Suburban sweep part of new rental landscape - David Alexander comment

Post-Covid Britain will be uncertain – and signing up to a tenancy takes on a new appeal, says Alexander. Picture: Jon Savage.Post-Covid Britain will be uncertain – and signing up to a tenancy takes on a new appeal, says Alexander. Picture: Jon Savage.
Post-Covid Britain will be uncertain – and signing up to a tenancy takes on a new appeal, says Alexander. Picture: Jon Savage.
Last week’s column focused on the return of the “reluctant landlord” to the residential property market in a post-Covid-19 society.

But what will “reluctant landlordism” actually involve? You could, of course, ask folks who were members of the “club” back in 2008 when the banking crisis led to a substantial diminution in the availability of buyers. But the parallels between then and what is likely to happen in the near future are somewhat different.

Although it took some time for prices to recover, the aftermath of the financial crash is likely to be seen, in retrospect, as relatively benign compared to what we may face – for an indefinite period – in a few months’ time.

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Back then what might be called “natural owner-occupiers” (who could not find sellers) became landlords to tenants who were themselves “natural owner-occupiers” but who, because the normal market had stalled, could not find the right home to buy. But eventually the crisis passed and most of those affected returned to the home-owning fold as soon as possible.

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The difference facing us is that more people who switch from owner-occupation to private tenancies may not be in the same hurry to return to the former. Post-Covid Britain will be an uncertain Britain and in such a climate signing up to a tenancy – which does not require a substantial financial outlay or long-term commitment – takes on a new appeal, especially to those whose jobs might not be secure as they once did.

Equally, younger tenants who, at the beginning of the year were contemplating finding their first property to buy, may now think they can afford to continue renting for another year or two on the basis that house prices are unlikely to grow (and possibly become out of their reach) any time soon. This is an attitude as likely to appeal to those in secure employment as to those unfortunate enough to be in riskier elements of the economy.

Despite the gloom, therefore, this should be encouraging for frustrated vendors who reluctantly become landlords. Even better, the Covid-19 experience has suddenly added value to properties with a garden, or even a bit of exclusive open space.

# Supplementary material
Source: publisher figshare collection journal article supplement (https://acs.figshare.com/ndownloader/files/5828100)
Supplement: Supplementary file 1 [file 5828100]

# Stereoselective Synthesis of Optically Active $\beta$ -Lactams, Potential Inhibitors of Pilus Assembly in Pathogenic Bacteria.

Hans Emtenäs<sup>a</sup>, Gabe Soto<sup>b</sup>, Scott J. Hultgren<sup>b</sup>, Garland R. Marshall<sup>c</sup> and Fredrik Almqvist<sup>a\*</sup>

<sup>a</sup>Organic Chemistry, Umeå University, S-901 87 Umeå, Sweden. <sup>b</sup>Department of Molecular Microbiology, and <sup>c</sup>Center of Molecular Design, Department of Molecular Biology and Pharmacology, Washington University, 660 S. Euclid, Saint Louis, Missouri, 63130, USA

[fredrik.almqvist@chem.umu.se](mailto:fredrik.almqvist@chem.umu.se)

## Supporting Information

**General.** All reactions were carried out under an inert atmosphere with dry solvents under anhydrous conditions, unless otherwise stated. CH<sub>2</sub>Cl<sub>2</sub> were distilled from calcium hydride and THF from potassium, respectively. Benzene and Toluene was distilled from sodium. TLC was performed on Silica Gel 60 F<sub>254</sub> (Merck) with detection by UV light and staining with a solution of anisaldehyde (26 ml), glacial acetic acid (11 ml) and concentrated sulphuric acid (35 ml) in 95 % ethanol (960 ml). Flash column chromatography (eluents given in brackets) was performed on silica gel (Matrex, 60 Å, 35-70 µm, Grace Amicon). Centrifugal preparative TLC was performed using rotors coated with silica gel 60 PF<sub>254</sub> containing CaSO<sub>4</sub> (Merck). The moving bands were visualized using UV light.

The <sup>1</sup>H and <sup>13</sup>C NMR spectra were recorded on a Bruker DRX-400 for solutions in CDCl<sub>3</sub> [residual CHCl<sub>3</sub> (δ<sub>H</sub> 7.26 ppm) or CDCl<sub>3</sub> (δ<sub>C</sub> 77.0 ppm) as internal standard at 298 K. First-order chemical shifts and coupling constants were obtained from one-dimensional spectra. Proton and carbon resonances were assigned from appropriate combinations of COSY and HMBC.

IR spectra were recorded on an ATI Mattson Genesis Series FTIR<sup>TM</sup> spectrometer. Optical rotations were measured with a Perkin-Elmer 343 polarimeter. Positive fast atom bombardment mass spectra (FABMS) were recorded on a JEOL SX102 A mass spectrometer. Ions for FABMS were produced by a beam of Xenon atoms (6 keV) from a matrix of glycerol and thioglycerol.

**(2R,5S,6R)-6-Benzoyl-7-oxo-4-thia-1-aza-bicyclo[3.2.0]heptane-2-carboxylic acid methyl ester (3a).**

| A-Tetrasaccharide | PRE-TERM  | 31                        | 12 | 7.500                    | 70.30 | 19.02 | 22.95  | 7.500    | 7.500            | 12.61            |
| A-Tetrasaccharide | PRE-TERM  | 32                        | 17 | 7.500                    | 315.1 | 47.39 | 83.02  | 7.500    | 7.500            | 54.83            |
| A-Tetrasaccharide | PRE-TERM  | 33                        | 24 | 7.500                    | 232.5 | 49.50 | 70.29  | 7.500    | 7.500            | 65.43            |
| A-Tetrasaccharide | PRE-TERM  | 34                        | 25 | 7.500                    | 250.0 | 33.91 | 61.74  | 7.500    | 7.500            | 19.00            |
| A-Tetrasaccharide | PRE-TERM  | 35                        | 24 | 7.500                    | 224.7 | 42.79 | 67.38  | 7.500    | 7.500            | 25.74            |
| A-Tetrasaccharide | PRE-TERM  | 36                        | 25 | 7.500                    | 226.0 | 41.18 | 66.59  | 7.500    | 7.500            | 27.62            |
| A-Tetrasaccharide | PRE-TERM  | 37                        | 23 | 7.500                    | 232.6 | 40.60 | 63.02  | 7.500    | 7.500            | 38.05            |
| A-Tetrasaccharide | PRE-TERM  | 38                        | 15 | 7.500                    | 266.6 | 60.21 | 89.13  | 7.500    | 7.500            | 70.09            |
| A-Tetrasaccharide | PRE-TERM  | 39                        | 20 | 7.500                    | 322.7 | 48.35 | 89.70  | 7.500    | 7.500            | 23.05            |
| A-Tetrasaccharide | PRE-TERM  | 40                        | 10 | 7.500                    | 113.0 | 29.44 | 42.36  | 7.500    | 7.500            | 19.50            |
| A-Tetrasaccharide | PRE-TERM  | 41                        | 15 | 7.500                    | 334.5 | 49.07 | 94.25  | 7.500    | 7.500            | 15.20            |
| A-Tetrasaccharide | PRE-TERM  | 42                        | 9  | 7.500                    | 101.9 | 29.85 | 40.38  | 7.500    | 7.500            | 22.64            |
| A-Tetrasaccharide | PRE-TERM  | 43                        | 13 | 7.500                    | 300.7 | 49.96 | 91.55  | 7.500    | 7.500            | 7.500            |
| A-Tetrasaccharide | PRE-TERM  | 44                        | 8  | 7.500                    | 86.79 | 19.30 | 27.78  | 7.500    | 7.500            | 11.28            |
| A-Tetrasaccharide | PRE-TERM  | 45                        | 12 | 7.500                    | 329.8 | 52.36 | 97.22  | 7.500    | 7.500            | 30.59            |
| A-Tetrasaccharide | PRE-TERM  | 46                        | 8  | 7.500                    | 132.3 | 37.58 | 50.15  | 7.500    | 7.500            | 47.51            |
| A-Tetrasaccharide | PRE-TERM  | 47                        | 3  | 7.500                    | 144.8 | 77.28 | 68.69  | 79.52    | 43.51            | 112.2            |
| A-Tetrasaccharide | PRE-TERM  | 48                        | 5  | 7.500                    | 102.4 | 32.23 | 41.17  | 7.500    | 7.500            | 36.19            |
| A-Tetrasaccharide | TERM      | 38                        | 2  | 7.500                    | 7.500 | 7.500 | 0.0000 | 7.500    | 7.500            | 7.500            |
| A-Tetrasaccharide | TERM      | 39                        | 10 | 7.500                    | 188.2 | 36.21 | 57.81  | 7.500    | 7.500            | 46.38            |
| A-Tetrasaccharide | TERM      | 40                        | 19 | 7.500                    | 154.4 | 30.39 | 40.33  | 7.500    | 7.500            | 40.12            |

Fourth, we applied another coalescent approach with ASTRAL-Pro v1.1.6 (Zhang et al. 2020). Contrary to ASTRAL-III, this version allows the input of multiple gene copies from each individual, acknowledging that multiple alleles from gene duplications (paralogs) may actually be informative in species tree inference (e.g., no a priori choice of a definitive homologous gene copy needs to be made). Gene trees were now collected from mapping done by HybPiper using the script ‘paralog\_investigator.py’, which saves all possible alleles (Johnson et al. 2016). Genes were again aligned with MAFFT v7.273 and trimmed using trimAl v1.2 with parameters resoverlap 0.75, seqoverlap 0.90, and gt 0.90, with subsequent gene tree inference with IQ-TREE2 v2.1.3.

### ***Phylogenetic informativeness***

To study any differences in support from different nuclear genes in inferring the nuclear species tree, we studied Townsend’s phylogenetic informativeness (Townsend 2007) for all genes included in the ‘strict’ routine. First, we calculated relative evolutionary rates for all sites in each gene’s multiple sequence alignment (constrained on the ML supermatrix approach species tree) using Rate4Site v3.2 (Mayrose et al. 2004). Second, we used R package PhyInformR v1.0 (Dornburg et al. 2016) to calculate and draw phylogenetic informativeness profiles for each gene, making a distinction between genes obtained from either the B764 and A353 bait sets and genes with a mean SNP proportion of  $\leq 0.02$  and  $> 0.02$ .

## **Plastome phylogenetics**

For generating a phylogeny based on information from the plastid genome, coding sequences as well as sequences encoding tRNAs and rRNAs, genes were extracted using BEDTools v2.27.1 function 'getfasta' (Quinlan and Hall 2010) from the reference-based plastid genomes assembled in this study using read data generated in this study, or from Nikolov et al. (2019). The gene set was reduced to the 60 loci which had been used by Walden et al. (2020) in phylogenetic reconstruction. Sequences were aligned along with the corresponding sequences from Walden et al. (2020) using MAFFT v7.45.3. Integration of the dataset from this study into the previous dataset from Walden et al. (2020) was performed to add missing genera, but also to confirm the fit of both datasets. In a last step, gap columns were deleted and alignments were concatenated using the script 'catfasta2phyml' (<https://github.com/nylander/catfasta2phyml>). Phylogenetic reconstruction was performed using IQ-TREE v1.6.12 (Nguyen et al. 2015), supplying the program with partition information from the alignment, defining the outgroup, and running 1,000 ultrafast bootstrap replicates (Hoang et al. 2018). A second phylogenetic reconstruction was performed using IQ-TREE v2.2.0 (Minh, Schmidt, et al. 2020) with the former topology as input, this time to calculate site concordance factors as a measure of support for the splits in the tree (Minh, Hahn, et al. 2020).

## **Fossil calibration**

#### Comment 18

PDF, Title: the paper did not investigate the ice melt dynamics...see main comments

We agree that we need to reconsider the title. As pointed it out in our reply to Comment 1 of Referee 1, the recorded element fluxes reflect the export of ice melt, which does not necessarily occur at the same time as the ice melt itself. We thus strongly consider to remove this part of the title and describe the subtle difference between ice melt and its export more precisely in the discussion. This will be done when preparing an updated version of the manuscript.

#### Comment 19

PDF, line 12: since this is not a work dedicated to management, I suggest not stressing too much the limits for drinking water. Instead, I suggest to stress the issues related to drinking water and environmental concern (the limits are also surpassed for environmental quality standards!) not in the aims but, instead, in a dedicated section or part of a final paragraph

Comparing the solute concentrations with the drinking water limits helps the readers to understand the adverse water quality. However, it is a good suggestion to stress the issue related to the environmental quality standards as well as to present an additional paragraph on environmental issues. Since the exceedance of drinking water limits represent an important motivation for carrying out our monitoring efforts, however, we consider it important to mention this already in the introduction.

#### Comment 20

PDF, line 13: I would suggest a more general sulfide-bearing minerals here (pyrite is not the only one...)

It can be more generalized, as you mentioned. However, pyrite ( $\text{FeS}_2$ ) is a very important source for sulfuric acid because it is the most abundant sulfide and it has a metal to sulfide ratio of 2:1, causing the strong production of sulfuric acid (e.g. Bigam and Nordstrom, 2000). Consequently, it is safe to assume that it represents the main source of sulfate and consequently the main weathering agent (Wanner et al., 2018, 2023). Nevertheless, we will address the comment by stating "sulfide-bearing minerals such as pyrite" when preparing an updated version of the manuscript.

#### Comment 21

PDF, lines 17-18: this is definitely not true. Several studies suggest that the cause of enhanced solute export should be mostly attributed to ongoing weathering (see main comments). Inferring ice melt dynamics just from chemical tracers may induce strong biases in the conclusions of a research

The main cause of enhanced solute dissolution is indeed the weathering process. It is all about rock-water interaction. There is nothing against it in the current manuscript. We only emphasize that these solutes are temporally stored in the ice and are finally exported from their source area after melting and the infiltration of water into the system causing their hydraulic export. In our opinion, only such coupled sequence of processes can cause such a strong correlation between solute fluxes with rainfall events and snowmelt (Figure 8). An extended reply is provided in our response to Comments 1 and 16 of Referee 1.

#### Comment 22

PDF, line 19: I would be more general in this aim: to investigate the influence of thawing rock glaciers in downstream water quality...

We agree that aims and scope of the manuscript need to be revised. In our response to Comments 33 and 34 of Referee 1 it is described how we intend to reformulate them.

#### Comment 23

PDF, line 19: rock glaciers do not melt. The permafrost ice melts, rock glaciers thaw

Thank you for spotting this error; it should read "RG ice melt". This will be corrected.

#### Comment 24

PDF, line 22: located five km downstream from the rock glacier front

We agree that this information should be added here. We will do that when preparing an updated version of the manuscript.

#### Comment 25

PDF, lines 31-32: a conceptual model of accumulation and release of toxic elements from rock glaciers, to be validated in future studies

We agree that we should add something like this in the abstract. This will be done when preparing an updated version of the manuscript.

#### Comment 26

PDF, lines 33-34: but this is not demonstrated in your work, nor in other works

Changing preferences

Therefore tenants who were once entirely focused on living in an inner-city flat might now prefer a “back and front door” property. In Edinburgh, for example, this could see more people seeking out a two-bedroom terrace in one of the suburbs (or even a commutable market town) rather than a top-floor flat in Comely Bank, up to now one of the prime rental locations in the capital.

However, even if there is a healthy demand for renting properties usually associated with the owner-occupier market, reluctant landlords need to follow some basic rules. Perhaps the most important is to seek the permission of one’s mortgage lender.

If not this will invalidate buildings insurance (leaving the owner with a huge bill if the fabric of the property is badly damaged by fire or water ingress). Presuming the lender permits the property to be tenanted, the owner will, almost inevitably, require to pay more for a revised policy.

Most people who become reluctant landlords do so to cover the loan costs of an unsold property. However as happened after 2008, some may find rental income actually gives them a surplus. Any profit after claimable expenses will need to be declared to HMRC.

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Fines are already substantial for landlords who fail to comply with the rules – and I can imagine them becoming tougher as The Treasury tries to claw back the estimated £100 billion a month it is spending on furloughs.

Finally, a word of advice for amateur landlords who may be tempted to “check” on their tenants if living close by. Providing they act responsibly, tenants enjoy security of tenure in Scotland, which means the right to a private life.

This may mean a reluctant landlord having to accept the sight of curtains still closed at noon (a typical past complaint). However should a serious problem occur, be assured your agent will soon let you know.

David Alexander is MD of DJ Alexander

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